Editors' Note, January 31st, 2019:with all service ending on March 31, 2019. The original review from 2016 remains below.
On paper, Iris by Lowe's handled the transition from the first to the second generation of the company's smart home system well. Iris took note of the problems with generation one, and promised faster response time, easier device pairing, and more robust app controls. The company even offered existing customers a free upgrade to the $60 next-gen hub along with a migration tool to help with the transition.
Take a look at the comments in the iOS app store, in Google's Play store, or even on the new hub's page on Lowe's site (at the bottom of this page, too) and you'll notice lots of customers unhappy with the upgrade. The migration tool wasn't ready at launch, and the second-gen system wasn't fully compatible with all first gen devices. Lots of customization options were lost in translation. Many of these details have been added back in through updates since the second-gen launched in November, but customers who relied on a web interface instead of the app to interact with the system are still out of luck. Rightly, they're pissed.
Transition issues aside, Lowe's Iris generation two doesn't hold up on its own merits as a good smart-home system. It is more responsive, but using the app is tedious and counterintuitive. Some pieces of hardware don't work consistently. Worse, you still have to pay a $10 monthly fee just to use some of the basic features of the system. Wink, SmartThings and Insteon all have similar features for free, and all are a better buy than the second generation Lowe's Iris system right now.
What does Lowe's Iris work with?
For the review process, I primarily looked at the devices contained with the $130 Iris Automation Pack -- the hub, two contact sensors to detect when a door opens and closes, a smart outlet you can use to automate a lamp or anything else with a plug, a button you can map to rules or use as a panic button, and a motion sensor.
The $60 hub has antennas for ZigBee, Z-Wave and Bluetooth wireless radios -- covering the bases for typical smart-home connection standards. In theory, Iris should be widely compatible with third party devices. You plug it into your router so you can control your devices from anywhere over Wi-Fi. And it uses four AA batteries as a backup in case power goes down -- Lowe's has on optional cellular backup plan for $5 a month so you can access the system even when your router is offline.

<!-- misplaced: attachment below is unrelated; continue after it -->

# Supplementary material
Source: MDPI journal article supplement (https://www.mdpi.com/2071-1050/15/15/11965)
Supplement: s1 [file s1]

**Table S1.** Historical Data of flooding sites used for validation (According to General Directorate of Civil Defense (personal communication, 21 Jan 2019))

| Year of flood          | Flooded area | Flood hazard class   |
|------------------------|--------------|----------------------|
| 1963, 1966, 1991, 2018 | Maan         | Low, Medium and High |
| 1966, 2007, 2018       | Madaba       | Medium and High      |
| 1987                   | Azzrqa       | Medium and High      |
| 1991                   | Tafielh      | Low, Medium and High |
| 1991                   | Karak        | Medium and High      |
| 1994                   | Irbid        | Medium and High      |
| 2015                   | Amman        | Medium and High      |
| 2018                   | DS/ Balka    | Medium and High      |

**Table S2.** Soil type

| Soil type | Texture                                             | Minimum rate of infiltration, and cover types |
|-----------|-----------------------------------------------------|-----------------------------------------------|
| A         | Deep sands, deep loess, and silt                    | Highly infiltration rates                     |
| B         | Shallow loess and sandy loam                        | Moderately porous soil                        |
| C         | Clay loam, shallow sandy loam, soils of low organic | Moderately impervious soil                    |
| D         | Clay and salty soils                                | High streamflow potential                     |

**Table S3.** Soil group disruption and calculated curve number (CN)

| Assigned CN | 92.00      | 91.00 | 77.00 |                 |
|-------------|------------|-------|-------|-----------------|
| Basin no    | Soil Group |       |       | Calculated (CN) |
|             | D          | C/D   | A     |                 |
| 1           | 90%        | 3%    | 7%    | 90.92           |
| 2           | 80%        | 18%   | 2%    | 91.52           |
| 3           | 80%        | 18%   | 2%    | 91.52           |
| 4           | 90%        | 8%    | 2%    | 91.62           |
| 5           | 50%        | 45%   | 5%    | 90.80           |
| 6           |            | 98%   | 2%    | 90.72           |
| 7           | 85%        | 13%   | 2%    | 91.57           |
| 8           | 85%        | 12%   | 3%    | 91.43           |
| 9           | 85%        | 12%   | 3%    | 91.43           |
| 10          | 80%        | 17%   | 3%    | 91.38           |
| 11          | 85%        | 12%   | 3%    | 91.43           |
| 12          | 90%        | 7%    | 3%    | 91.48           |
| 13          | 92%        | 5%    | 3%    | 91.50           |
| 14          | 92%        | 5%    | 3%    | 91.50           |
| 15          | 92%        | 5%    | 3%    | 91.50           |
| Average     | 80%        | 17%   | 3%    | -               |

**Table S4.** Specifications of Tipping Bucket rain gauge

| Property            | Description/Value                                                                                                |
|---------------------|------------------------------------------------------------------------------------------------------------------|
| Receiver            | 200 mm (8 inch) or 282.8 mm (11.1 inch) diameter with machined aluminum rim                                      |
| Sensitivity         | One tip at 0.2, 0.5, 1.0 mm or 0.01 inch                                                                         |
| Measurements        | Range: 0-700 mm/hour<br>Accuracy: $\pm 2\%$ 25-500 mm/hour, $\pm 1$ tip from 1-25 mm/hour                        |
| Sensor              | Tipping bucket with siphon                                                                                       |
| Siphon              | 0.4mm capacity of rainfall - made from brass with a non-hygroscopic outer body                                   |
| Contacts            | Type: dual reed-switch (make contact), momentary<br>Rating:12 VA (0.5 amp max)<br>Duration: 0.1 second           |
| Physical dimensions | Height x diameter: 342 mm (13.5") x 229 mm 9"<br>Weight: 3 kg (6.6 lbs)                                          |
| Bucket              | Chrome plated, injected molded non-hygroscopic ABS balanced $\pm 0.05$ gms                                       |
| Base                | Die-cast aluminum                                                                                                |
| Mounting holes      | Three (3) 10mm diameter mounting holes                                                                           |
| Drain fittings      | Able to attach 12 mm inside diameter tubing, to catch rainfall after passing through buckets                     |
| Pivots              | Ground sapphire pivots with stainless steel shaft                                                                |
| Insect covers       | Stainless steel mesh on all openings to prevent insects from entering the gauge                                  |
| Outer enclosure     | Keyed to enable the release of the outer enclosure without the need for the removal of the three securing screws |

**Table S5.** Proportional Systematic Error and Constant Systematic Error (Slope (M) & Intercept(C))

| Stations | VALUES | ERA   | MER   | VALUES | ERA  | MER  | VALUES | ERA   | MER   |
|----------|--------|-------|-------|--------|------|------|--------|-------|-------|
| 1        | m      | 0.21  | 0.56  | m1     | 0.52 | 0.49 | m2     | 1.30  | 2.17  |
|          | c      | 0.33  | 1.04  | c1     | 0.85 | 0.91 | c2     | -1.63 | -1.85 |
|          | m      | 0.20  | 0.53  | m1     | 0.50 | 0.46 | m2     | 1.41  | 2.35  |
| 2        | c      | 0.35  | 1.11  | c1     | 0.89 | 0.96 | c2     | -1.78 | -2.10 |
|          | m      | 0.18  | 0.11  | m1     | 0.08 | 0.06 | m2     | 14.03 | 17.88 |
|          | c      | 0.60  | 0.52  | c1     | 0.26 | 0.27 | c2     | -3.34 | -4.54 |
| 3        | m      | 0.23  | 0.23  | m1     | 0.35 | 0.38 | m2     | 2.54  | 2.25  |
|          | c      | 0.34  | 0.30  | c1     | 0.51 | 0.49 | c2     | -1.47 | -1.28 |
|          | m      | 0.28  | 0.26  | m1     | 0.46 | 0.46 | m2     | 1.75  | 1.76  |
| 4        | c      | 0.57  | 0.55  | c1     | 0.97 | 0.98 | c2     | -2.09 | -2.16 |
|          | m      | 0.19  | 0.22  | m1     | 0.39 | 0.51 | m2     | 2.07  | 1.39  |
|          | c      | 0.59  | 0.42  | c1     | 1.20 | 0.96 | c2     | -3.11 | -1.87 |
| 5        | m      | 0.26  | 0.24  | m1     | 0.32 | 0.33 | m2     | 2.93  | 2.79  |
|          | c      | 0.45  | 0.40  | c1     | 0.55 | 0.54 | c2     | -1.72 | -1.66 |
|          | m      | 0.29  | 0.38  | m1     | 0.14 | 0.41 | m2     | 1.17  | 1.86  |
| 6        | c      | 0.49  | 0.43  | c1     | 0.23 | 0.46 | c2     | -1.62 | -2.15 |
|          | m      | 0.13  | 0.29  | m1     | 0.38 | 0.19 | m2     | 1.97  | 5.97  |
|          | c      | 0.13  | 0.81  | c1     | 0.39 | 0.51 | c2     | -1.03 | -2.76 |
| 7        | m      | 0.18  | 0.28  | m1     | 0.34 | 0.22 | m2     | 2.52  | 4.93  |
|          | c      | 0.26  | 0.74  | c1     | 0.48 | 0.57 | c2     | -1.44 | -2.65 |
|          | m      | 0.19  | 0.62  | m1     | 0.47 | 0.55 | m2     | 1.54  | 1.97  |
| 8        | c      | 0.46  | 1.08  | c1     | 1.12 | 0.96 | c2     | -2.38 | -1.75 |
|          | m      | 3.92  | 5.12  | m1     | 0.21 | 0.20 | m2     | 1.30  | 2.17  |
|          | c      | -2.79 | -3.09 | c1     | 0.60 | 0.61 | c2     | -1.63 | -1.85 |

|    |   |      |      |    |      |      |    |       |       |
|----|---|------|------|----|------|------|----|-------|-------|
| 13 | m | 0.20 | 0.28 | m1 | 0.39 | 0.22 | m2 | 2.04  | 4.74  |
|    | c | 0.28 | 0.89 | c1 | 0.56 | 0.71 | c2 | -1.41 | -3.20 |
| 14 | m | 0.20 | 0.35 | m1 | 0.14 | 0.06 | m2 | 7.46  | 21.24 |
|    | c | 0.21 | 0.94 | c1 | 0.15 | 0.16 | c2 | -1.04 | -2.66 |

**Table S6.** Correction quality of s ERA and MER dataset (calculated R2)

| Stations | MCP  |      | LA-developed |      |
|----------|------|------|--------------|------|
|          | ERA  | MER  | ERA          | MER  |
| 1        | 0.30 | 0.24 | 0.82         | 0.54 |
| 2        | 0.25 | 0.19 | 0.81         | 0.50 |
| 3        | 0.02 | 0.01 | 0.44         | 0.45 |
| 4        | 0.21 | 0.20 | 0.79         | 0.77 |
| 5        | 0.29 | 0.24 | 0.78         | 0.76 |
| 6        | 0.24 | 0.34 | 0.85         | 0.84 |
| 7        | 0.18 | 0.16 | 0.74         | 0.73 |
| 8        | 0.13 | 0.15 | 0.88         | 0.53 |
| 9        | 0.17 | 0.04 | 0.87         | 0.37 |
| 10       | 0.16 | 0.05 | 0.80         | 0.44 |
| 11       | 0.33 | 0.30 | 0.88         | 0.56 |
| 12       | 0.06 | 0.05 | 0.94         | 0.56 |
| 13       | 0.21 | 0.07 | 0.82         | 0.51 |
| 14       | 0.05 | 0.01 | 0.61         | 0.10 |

Other first party Lowe's devices include a garage door controller, a range extender, an indoor and outdoor camera, a keypad and a water sensor. The hub works with third party devices like GE plugs, First Alert smoke detectors, Honeywell thermostats, Osram lights and locks from Schlage, Yale, and Kwikset. In all, it's a lineup competitive with SmartThings, Wink, and Insteon. Though Wink and SmartThings get lots of additional interoperability via integration with IFTTT -- the online rule maker. Iris doesn't have that.
You can buy the Lowe's Iris hub, the Automation Pack, the $100 Security starter pack, and any other Lowe's Iris accessory, as well as a number of compatible third party devices now from Lowes.com and in Lowe's retail outlets.
Lowe's Iris only officially supports the US, but according to the company, does have customers using the system overseas. The price of the hub converts to approximately £40 and AU$80 for our readers in the UK and Australia respectively. The $130 Automation Pack converts to £90 and AU$170. The $100 Security pack costs roughly £70 and AU$130.
What can you do with Lowe's Iris?
With the first generation, we were annoyed by how little you could do with the app. For the most part, you needed to control the system with the Web interface. That isn't a problem anymore. Anything you control with Lowe's Iris, you control via the app. In fact, now the Web interface is bare-bones. You can use it to manage your billing, though Iris Vice President Mick Koster promised that core services are coming back to the web later this year.
Between rules, schedules, scenes, and managing alerts and alarms, you can do a lot with the app to make your Lowe's Iris smart home pretty smart. For instance, the hub comes with a built-in alarm, and you can set up your motion sensor or contact sensor to trigger the alarm and send you a push notification when the system is armed. Unfortunately, a lot of this functionality sits behind a paywall. By comparison, with SmartThings, you can use IFTTT to create a wide variety of recipes using a large catalog of interoperable devices and platforms for free. To do something similar, even with first-party Lowe's Iris accessories, you need to pay $10 a month. Here's the breakdown of what's free and what's not in the app on IrisbyLowes.com.
That could all change in the coming months. Lowe's Iris will offer contract free monitoring as an optional add-on soon. At that point, a $20 monthly fee will include professional monitoring and the premium version of the app, plus cellular backup of the hub. That price feels much more worth it, given that monitoring alone costs $25 a month with SimpliSafe. AT&T's Digital Life charges as much as $65 a month for monitoring.
Plus, once monitoring becomes a reality for Lowe's, Koster assured me the company would start looking at the basic to premium breakdown, and moving some premium features to the other side of the paywall. But I can't give any credit now to a smart-home system based on how good it might be in a couple of months. As it stands, that $10 monthly fee is dumb.